In the 1960s, workplace tools consisted of a telephone and a typewriter. But in today’s always-plugged-in, must-do-now work environment, the typical employee is besieged by an array of high-tech tools designed to improve productivity.
In many ways, it has. But experts caution that if tech overload in the workforce is not managed properly, the resulting distraction can become costly to companies, resulting in lower employee productivity, poor work quality, and increased stress.
“The irony is that technology is meant to make us more efficient, and it certainly has done that, but it also has the adverse impact of creating additional stress and burnout because we never unplug,” says Merrick Rosenberg, president and chief learning officer of Team Builders Plus in Marlton. “People are sitting at the dinner table and checking their work e-mail. They’re on vacation standing in line at Disney and they’re resolving workplace issues. So we’re always connected.”
According to a 2011 study by market research firm uSamp, ironically, the proliferation of technology tools aimed to increase productivity in the workplace is actually costing companies millions per year in lost productivity. Nearly 60 percent of job interruptions are electronic, including e-mail, text messaging, social media and switching windows to complete tasks. Moreover, 45 percent of employees work just 15 minutes or less without getting interrupted, and these distractions are estimated to take an hour and a half out of the workday, costing businesses nearly $10,500 per employee each year. For employers with 100 employees, the cost exceeds $1 million annually.
One of the biggest challenges with tech distraction, experts caution, is the sheer frequency of these electronic tools, with each e-mail, voicemail and text message demanding our instant attention. “It’s very distracting,” says Terry Wall of TG Wall Management Consulting in Washington Township. “When you even look at an e-mail, our tendency is, ‘I want to get rid of it now and therefore I’m going to deal with it now.’ And the fact is that it takes you away from what you were doing before. It hurts your concentration.” Adds Rosenberg, “There’s this expectation of this immediate response. ‘I sent you an e-mail 10 minutes ago. How come you haven’t gotten back to me!’”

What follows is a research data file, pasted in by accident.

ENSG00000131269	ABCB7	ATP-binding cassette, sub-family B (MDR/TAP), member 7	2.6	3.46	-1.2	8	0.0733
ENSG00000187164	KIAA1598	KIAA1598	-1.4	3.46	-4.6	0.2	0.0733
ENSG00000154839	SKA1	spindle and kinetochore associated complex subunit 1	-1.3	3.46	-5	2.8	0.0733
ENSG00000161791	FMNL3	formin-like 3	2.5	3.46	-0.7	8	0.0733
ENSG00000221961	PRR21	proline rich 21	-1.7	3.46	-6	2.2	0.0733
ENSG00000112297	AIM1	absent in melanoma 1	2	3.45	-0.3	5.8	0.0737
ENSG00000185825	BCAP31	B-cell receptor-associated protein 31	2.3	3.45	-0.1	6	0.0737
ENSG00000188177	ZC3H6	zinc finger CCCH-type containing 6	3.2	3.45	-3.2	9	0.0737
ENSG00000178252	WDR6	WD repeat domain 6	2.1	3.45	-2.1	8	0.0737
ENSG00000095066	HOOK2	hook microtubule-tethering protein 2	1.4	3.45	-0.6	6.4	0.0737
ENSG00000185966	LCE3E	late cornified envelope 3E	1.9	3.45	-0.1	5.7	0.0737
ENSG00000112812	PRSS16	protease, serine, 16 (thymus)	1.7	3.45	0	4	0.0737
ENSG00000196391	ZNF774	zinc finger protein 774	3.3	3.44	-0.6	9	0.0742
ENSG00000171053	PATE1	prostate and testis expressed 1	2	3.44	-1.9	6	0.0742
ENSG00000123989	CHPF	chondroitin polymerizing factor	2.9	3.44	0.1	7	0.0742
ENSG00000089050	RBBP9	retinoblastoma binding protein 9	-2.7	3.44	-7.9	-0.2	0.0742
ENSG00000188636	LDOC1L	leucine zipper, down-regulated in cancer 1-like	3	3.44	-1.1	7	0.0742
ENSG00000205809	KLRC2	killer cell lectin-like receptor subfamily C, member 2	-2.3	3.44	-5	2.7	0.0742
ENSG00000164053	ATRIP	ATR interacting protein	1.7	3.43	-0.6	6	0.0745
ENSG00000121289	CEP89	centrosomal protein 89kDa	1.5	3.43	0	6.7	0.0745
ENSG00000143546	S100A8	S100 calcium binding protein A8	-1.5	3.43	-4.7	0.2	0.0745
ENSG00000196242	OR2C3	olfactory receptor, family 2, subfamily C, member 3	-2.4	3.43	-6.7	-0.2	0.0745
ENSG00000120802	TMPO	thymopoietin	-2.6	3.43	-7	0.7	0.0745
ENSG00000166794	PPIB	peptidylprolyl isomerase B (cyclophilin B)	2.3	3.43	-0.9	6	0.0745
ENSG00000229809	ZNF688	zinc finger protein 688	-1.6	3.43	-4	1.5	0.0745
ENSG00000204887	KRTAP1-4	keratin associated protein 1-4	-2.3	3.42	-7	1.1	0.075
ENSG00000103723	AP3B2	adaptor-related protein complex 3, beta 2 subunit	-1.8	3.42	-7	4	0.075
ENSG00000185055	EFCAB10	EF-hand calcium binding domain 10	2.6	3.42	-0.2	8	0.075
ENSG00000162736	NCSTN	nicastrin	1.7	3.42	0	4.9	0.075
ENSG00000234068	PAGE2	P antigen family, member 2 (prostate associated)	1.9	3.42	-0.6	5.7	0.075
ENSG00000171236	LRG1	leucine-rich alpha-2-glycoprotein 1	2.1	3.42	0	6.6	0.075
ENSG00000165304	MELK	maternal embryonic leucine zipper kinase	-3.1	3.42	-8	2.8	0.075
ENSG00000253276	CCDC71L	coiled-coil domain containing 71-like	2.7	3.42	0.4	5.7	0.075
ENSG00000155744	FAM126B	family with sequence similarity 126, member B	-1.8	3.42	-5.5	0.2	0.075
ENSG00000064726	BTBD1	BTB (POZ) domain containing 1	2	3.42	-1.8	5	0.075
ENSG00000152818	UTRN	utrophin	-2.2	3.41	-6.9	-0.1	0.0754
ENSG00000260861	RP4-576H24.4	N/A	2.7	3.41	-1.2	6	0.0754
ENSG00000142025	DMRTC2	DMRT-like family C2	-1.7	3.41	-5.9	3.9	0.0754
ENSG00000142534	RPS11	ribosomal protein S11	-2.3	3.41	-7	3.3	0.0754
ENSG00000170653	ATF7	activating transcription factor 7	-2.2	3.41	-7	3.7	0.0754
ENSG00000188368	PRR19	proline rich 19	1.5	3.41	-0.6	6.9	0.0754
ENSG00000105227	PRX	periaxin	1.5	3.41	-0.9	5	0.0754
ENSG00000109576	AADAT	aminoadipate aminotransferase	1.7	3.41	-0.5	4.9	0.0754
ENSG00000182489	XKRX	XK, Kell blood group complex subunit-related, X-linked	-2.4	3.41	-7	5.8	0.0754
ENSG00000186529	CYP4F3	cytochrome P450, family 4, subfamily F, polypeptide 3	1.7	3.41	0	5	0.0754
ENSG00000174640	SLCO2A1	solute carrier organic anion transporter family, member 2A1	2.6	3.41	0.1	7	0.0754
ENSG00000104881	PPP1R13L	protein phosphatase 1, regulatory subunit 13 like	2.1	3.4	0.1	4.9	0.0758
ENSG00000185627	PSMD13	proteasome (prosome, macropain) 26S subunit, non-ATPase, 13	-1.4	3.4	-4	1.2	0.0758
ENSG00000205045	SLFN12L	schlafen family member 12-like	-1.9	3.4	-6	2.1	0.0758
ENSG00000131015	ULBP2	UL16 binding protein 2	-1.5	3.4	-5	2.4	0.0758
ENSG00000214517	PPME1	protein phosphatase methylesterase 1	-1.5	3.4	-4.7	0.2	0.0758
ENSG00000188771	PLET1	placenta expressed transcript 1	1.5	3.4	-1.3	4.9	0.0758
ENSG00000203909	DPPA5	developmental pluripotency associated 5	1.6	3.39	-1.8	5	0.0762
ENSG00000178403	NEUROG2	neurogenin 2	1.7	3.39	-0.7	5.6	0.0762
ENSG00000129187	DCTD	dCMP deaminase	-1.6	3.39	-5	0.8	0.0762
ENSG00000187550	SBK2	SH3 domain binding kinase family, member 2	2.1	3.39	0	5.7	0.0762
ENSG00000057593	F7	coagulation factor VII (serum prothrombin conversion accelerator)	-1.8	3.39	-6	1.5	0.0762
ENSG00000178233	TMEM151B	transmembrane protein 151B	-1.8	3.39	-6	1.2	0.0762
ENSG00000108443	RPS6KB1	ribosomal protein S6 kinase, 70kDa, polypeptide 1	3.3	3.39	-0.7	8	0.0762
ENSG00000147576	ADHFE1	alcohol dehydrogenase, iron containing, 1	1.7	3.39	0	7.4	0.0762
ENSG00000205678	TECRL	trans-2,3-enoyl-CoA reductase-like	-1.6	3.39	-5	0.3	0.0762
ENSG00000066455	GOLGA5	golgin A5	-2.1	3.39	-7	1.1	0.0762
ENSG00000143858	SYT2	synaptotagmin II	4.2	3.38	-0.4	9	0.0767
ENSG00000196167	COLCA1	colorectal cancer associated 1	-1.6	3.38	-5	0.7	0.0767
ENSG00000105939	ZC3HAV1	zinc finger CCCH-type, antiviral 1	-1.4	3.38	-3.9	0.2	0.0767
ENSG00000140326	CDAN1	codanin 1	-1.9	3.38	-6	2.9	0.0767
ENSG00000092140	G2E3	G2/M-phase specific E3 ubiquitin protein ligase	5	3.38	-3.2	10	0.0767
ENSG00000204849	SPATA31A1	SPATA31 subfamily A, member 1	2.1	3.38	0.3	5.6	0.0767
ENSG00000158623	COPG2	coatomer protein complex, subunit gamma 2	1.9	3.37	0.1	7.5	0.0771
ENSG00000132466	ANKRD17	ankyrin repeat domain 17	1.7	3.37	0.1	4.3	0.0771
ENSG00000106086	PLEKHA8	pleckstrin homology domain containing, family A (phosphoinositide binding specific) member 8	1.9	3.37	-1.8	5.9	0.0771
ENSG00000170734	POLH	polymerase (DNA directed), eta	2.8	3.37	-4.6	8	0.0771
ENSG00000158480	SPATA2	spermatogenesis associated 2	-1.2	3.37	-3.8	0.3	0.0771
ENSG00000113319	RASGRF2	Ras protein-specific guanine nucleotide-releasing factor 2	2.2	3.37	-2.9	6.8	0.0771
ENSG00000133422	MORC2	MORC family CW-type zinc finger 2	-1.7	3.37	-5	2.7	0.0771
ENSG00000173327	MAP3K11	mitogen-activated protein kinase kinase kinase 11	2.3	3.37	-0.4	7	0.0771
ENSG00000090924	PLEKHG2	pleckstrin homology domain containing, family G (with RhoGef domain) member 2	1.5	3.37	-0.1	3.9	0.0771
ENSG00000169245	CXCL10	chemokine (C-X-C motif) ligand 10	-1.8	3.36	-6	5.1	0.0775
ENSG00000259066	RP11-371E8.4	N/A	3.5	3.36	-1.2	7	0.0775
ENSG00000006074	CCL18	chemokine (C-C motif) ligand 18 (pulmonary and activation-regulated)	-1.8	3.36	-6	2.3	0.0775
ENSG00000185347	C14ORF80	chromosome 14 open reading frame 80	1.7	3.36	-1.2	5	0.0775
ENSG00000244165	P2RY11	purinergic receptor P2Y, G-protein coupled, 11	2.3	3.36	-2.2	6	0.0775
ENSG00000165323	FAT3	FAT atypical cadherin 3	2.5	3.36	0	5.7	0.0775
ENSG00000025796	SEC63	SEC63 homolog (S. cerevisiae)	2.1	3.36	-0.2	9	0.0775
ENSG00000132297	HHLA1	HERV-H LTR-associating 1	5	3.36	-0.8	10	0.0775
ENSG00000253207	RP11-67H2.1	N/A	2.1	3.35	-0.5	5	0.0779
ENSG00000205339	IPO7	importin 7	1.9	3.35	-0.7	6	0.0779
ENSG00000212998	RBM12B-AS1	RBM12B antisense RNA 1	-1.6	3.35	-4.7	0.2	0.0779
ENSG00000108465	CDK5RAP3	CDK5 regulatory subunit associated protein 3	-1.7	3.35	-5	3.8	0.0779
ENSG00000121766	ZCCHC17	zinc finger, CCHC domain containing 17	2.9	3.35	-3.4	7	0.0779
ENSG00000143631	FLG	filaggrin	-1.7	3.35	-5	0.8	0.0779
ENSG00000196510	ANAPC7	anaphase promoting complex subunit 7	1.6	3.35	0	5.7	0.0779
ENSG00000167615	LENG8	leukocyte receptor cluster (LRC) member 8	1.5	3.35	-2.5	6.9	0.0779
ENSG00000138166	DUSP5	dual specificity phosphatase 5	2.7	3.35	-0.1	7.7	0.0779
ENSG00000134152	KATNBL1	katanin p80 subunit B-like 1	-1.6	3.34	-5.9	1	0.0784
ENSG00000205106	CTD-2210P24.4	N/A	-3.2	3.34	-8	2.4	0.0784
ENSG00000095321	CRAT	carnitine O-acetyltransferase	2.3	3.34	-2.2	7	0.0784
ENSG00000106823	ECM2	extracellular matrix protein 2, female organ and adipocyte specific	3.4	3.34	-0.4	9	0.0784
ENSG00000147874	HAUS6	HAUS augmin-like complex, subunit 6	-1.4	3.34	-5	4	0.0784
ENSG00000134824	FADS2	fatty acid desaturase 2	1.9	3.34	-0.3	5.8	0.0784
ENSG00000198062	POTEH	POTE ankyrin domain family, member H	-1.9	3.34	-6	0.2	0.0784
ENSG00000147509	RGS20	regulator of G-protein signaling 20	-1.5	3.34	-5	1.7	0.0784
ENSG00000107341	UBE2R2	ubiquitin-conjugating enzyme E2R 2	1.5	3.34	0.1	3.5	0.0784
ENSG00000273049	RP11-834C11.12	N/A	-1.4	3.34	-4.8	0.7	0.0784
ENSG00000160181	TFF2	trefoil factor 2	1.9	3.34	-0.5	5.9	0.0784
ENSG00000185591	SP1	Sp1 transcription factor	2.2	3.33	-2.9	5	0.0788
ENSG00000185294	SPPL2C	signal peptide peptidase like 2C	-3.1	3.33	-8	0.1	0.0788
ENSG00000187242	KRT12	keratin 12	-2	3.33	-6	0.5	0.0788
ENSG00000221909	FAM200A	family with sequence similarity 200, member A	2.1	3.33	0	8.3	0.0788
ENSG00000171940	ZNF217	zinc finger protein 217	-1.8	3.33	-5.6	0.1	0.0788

Manage the Technology
There are strategies companies can implement to help their employees minimize tech distraction, including teaching them how to better manage the myriad electronic tools used to do their jobs. This includes training on the use of e-mail filtering options available with most e-mail software programs to categorize and prioritize messages.
At Cooper University Hospital in Camden, employees are encouraged to categorize their e-mail messages and create separate folders for work that needs to be completed today versus items that can be done tomorrow. Additionally, Cooper employees use the task functionality within Microsoft Outlook to create various tasks for themselves with reminders that these need to be done on a certain day.
“We try to teach employees how to better utilize e-mail,” explains Phil Curran, Cooper’s chief information security officer. “For example, how to prioritize e-mail messages as they come in, how to better make use of their time. Just by dragging and dropping an e-mail into the task functionality within Outlook, they can create a task for themselves with reminders that this needs to get done on this day.” By using this categorization system, Curran successfully reads and categorizes the 400 plus e-mails he receives daily in just 45 minutes, filing his messages according to specific tasks such as meetings that require preparation, callbacks and follow-ups. Cooper’s IT department regularly conducts training classes on how to combat e-mail overload, and the health system has future plans to add such classes to its extensive technology training curriculum.
“The tools are there to manage the technology distractions, but companies and employees both need to make the time investment involved in using them effectively,” explains Taylor Adair, management consultant with Moorestown-based Miles Technologies. “As long as the companies are investing in the tool, they should also invest in the training to ensure that their employees get the maximum benefit from having the tool.”
Discipline is Key
The majority of tech distraction can be combated with sheer discipline on the part of the employee. For instance, Curran recommends workers check their e-mail only once every hour or every other hour and resist the urge to look at every one as it arrives. Depending on the nature of one’s job, some employees can up their productivity by only checking e-mails a few times per day, say in the morning, before lunch, and later in the afternoon.
At Team Builders Plus, Rosenberg encourages employees, if possible, to turn off their e-mail completely while they’re working on a critical task where they need to be 100 percent present. Other simple fixes merely involve turning off e-mail pop-up alerts or adjusting an instant messaging and texting status to “busy” so others do not expect an immediate reply.
Employees who demonstrate this discipline can greatly increase their productivity. “I think it’s making those employees much more productive because what it does is it allows you to control your availability to a degree that has never been possible,” says Adair.
Published (and copyrighted) in South Jersey Biz, Volume 2, Issue 3 (March, 2012).
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